Use and Beauty at the Mission House (2010)
The Mission House, Stockbridge, Massachusetts
“In my ignorance I thought it would be a simple thing to move a house, put it in the middle of the lot, plant grass about it and open it to the public,” wrote Mabel Choate, in a 1932 article for her garden club. The article recounted how she had acquired a 1740s house—“unpainted and weather-beaten”—and saved it from likely destruction. Choate, who later would inherit Naumkeag, her parents’ summer estate in Stockbridge, Massachusetts, had hauled it closer to the center of Stockbridge, with the goal of restoring and opening it as a museum to honor her parents, Joseph and Caroline Choate. But then she consulted landscape architect Fletcher Steele, who had begun helping her transform Naumkeag’s nineteenth-century gardens into a protomodernist landscape: “I found I was all wrong,” she wrote. Steele no doubt expressed horror that she would restore the house, originally built for the Reverend John Sergeant, a missionary to the Mohicans—only to surround it with a quarter-acre of suburban lawn. Chastened, Choate hired Steele to make “the surroundings as nearly as possible as they might have been originally.”
Between 1927 and 1932 Steele designed four lush but orderly garden rooms outlined by low boxwood hedges, perennial borders, and paths of purplish brick. His admiration of colonial gardens centered on their combination of utility and beauty, ordered by strong spatial structure: “Neat rows of vegetables, bush fruits, and fruit trees . . . prettily arranged and edged with flowers.” At Mission House he mingled herbs, vegetables, flowers, and small fruit trees. In the Dooryard Garden, brick walks separate plots of flowering perennials and herbs. Paths crisscross the Orchard Garden, where vegetables and small fruit trees—crabapples, apples, cherries, and plums—punctuate beds of herbs and flowers. The Well Court, a utilitarian yard, encloses benches and a grape arbor. The East Lawn completes the landscape.
As Robin Karson noted in Fletcher Steele, Landscape Architect, the elements of this Colonial Revival design overlap with those Steele outlined in Design in the Little Garden (1924), among them winding paths, places to sit in sun and shade, flower beds anchored by shrubs and trees, and, above all, enclosure. At Mission House, he added outbuildings and a fence for that purpose. Steele and Choate collaborated on Mission House when the Colonial Revival was in full swing; one of its benchmarks, the restoration of Colonial Williamsburg, financed by John D. Rockefeller Jr., also began in 1926. Rockefeller himself visited Mission House in 1943 and wrote a complimentary letter to Choate, commenting that “beauty has not been sacrificed for authenticity and historical accuracy.” The remark, probably unintentionally, struck at a common conflict in Colonial Revival “restorations”: they often conflated historical accuracy with patriotic ideas about America’s past and current aesthetic taste. The gardens designed by Steele at Mission House, for example, contained abundant flowers, a feature of more contemporary gardens. Or, as Karson writes, “Steele’s delight in invention ran deeper than the impulse to truth.”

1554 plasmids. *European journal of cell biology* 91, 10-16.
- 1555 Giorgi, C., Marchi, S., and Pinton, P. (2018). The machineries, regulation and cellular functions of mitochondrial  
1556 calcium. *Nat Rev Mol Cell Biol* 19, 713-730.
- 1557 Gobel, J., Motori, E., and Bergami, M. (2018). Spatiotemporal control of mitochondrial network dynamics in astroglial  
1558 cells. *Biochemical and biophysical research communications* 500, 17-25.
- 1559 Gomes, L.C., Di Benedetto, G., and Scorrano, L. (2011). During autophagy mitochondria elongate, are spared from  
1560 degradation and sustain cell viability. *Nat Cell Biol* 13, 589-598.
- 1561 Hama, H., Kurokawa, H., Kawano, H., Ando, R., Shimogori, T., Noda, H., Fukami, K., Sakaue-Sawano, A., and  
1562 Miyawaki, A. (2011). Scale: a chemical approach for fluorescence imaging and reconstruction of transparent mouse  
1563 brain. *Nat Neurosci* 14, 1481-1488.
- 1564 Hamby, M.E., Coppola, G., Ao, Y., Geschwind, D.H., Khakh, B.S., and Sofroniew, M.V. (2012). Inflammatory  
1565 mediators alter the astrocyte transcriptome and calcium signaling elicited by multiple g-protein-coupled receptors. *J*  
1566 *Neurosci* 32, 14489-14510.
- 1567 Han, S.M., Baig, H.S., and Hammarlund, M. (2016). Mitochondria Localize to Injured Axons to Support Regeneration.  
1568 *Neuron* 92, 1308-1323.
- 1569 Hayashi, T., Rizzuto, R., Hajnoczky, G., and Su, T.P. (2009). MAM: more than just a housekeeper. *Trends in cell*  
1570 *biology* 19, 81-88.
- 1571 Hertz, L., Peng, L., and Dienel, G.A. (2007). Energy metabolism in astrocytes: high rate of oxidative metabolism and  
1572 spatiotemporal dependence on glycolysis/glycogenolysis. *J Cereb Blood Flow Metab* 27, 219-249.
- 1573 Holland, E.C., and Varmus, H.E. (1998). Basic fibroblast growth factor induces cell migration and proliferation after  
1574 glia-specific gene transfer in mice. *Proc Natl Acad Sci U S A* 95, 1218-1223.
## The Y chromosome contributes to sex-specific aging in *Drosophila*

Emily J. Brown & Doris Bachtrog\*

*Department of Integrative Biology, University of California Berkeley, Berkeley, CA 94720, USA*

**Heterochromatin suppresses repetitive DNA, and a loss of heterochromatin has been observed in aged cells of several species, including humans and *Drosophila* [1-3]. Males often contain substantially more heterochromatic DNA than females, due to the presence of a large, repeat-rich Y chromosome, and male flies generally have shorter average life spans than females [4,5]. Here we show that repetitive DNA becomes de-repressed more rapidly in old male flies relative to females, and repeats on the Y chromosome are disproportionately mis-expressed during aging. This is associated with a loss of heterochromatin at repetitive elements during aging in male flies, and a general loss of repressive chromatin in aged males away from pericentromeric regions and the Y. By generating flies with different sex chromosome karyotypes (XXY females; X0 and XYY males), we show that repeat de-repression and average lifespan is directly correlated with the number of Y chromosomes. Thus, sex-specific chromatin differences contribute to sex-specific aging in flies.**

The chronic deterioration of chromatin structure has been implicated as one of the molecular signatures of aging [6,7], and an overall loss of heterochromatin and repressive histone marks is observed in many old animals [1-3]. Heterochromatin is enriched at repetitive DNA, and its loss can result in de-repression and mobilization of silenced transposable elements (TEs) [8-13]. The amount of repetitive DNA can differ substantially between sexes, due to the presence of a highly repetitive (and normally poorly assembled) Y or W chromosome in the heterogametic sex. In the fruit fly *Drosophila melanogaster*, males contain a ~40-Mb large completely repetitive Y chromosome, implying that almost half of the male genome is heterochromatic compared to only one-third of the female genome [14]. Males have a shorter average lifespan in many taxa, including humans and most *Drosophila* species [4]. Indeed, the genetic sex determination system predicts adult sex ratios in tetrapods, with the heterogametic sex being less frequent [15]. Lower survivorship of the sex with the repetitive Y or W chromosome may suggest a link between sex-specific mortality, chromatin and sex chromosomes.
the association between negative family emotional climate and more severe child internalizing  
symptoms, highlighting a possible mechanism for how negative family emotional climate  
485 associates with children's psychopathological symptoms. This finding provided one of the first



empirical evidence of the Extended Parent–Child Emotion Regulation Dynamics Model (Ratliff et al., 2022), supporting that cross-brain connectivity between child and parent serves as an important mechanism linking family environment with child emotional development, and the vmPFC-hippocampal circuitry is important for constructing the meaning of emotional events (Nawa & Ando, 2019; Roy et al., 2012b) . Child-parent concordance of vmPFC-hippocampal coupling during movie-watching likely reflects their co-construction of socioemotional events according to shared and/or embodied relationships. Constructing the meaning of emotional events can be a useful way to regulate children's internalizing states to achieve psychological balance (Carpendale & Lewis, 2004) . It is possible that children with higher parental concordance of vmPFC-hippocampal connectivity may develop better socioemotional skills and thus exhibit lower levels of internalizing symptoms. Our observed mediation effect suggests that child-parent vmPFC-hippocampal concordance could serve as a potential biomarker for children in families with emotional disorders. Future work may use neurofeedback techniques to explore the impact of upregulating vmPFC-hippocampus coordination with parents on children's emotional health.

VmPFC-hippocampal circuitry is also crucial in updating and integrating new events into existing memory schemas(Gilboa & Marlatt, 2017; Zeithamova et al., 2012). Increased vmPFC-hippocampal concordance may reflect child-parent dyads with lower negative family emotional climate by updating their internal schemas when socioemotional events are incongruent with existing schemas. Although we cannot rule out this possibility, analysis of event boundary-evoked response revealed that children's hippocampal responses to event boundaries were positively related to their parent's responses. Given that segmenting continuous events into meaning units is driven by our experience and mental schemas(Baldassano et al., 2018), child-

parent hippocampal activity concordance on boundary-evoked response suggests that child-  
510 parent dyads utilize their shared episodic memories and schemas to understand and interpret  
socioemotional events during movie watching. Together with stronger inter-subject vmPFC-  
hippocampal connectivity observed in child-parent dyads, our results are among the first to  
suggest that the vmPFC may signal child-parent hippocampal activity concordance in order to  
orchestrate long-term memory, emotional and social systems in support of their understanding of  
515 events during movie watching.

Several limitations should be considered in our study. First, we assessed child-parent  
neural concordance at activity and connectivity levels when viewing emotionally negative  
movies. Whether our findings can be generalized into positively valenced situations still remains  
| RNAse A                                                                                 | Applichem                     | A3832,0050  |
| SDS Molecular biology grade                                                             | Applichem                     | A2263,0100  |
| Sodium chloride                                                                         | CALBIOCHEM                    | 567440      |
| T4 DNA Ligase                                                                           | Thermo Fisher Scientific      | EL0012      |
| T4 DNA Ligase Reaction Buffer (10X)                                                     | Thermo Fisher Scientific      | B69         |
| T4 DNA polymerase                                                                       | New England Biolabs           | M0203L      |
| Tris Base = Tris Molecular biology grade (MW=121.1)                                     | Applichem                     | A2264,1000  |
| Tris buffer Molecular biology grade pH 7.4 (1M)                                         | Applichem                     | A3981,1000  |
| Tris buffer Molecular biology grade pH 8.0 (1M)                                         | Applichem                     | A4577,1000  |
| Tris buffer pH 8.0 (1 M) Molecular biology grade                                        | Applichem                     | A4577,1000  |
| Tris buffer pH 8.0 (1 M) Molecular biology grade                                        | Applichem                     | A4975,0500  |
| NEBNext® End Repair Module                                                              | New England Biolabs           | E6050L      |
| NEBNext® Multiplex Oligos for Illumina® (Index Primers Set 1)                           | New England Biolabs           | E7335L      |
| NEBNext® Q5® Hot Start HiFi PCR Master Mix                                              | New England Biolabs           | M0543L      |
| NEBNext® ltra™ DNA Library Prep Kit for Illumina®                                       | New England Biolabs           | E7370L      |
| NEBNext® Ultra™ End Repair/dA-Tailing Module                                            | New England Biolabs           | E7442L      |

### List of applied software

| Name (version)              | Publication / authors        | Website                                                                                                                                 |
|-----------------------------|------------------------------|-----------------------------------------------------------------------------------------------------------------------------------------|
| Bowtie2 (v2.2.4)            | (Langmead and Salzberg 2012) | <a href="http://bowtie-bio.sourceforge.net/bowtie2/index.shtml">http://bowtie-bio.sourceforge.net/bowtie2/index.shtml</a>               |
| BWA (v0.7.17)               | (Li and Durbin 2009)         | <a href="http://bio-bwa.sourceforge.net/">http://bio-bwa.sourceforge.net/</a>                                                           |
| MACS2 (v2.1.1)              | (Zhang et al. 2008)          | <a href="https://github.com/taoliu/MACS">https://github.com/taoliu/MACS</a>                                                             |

“I think of that phrase a lot,” laughs Anne Gannon, the horticulturist who is restoring the Mission House garden to its 1930 appearance “one bed at a time.” Gannon works for The Trustees of Reservations, the conservation and historic preservation organization to which Choate donated Mission House in 1948 (and later, Naumkeag). Restoring Steele’s Colonial Revival garden involves sorting through previous redesigns and grappling with some of his plant choices. In the 1960s, a local volunteer changed Steele’s plantings and replaced the dark purple bricks with red ones. “Fortunately,” says Gannon, “the spatial layout remained intact. The structure of the gardens really defines their character.” Steele’s planting plans also survived.
In 1990, a student restored Steele’s plantings according to his 1927 plans, and The Trustees continued using the plans to guide restorative work. But over the years, the attrition of flagging species went unnoticed. “Steele started with a more diverse plant list, but only the hardiest plants have survived,” Gannon says. Among them are queen of the prairie (Filipendula rubra), bearded iris, wild indigo (Baptisia Vent.), chives, sweet woodruff (Galium odoratum), and peonies. “It’s hard to research the non-survivors, because he used common names,” Gannon says. The current goal is to reinstate plants on the original list.
Gannon began the restoration two years ago, in the Orchard Garden. “Our biggest challenge is an overabundance of shade, and some species aren’t shade tolerant.” Another issue is that Steele planted invasive species such as goutweed, money plant, mint, and mallow. “We are keeping them, but we’re keeping them in check.” The staff also has removed aged and diseased trees, which they will eventually replace. Next in line is the Dooryard Garden, followed by the East Lawn and the Well Court, over the next few years.
Meanwhile, Gannon welcomes visitors to watch the messy business of restoration—and help with it. In spring 2008, the Berkshire Garden Club donated cherry trees (Prunus avium ‘Governor Wood’) to replace aging specimens in the orchard garden. She says, “It’s a wonderful opportunity to engage volunteers and visitors in a work in progress.” (Related article: Naumkeag. Related LALH books: Fletcher Steele, Landscape Architect; Design in the Little Garden; and A Genius for Place: American Landscapes of the Country Place Era.)
—Jane Roy Brown